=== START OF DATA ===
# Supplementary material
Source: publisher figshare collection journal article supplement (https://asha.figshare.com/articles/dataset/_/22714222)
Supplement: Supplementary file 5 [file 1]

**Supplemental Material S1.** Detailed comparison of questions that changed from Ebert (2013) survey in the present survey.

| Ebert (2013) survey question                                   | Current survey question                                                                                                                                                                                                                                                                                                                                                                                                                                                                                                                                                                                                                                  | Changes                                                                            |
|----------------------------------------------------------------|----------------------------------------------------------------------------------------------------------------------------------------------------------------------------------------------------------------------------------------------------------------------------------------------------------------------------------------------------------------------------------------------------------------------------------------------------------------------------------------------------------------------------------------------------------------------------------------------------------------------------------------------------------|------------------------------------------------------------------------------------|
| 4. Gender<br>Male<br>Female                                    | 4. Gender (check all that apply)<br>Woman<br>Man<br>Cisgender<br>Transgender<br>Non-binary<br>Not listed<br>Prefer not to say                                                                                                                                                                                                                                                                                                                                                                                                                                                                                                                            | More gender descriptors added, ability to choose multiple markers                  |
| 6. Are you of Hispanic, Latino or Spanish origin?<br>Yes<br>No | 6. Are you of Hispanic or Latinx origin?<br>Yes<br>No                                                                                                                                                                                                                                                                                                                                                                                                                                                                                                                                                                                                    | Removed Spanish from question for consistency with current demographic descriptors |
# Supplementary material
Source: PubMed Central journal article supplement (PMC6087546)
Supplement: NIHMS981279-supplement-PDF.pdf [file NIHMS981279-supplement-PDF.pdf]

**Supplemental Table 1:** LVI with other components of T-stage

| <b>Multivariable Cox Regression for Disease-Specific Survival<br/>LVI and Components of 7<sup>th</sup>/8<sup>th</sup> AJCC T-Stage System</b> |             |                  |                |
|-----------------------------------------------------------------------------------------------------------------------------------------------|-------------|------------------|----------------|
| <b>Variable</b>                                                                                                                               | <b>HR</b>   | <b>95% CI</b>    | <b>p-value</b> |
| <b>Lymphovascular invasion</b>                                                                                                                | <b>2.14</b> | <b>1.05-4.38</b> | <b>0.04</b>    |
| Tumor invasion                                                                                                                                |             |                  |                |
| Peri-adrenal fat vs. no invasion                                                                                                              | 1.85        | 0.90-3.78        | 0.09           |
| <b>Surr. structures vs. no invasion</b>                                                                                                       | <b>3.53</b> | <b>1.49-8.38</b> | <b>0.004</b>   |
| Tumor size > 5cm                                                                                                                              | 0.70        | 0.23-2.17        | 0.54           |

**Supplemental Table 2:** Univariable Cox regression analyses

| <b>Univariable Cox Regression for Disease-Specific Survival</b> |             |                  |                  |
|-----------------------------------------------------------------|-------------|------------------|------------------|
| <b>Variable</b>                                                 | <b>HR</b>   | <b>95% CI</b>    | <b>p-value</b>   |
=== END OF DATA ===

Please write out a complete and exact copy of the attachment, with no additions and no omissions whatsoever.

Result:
# Supplementary material
Source: publisher figshare collection journal article supplement (https://asha.figshare.com/articles/dataset/_/22714222)
Supplement: Supplementary file 5 [file 1]

**Supplemental Material S1.** Detailed comparison of questions that changed from Ebert (2013) survey in the present survey.

| Ebert (2013) survey question                                   | Current survey question                                                                                                                                                                                                                                                                                                                                                                                                                                                                                                                                                                                                                                  | Changes                                                                            |
|----------------------------------------------------------------|----------------------------------------------------------------------------------------------------------------------------------------------------------------------------------------------------------------------------------------------------------------------------------------------------------------------------------------------------------------------------------------------------------------------------------------------------------------------------------------------------------------------------------------------------------------------------------------------------------------------------------------------------------|------------------------------------------------------------------------------------|
| 4. Gender<br>Male<br>Female                                    | 4. Gender (check all that apply)<br>Woman<br>Man<br>Cisgender<br>Transgender<br>Non-binary<br>Not listed<br>Prefer not to say                                                                                                                                                                                                                                                                                                                                                                                                                                                                                                                            | More gender descriptors added, ability to choose multiple markers                  |
| 6. Are you of Hispanic, Latino or Spanish origin?<br>Yes<br>No | 6. Are you of Hispanic or Latinx origin?<br>Yes<br>No                                                                                                                                                                                                                                                                                                                                                                                                                                                                                                                                                                                                    | Removed Spanish from question for consistency with current demographic descriptors |
# Supplementary material
Source: PubMed Central journal article supplement (PMC6087546)
Supplement: NIHMS981279-supplement-PDF.pdf [file NIHMS981279-supplement-PDF.pdf]

**Supplemental Table 1:** LVI with other components of T-stage

| <b>Multivariable Cox Regression for Disease-Specific Survival<br/>LVI and Components of 7<sup>th</sup>/8<sup>th</sup> AJCC T-Stage System</b> |             |                  |                |
|-----------------------------------------------------------------------------------------------------------------------------------------------|-------------|------------------|----------------|
| <b>Variable</b>                                                                                                                               | <b>HR</b>   | <b>95% CI</b>    | <b>p-value</b> |
| <b>Lymphovascular invasion</b>                                                                                                                | <b>2.14</b> | <b>1.05-4.38</b> | <b>0.04</b>    |
| Tumor invasion                                                                                                                                |             |                  |                |
| Peri-adrenal fat vs. no invasion                                                                                                              | 1.85        | 0.90-3.78        | 0.09           |
| <b>Surr. structures vs. no invasion</b>                                                                                                       | <b>3.53</b> | <b>1.49-8.38</b> | <b>0.004</b>   |
| Tumor size > 5cm                                                                                                                              | 0.70        | 0.23-2.17        | 0.54           |

**Supplemental Table 2:** Univariable Cox regression analyses

| <b>Univariable Cox Regression for Disease-Specific Survival</b> |             |                  |                  |
|-----------------------------------------------------------------|-------------|------------------|------------------|
| <b>Variable</b>                                                 | <b>HR</b>   | <b>95% CI</b>    | <b>p-value</b>   |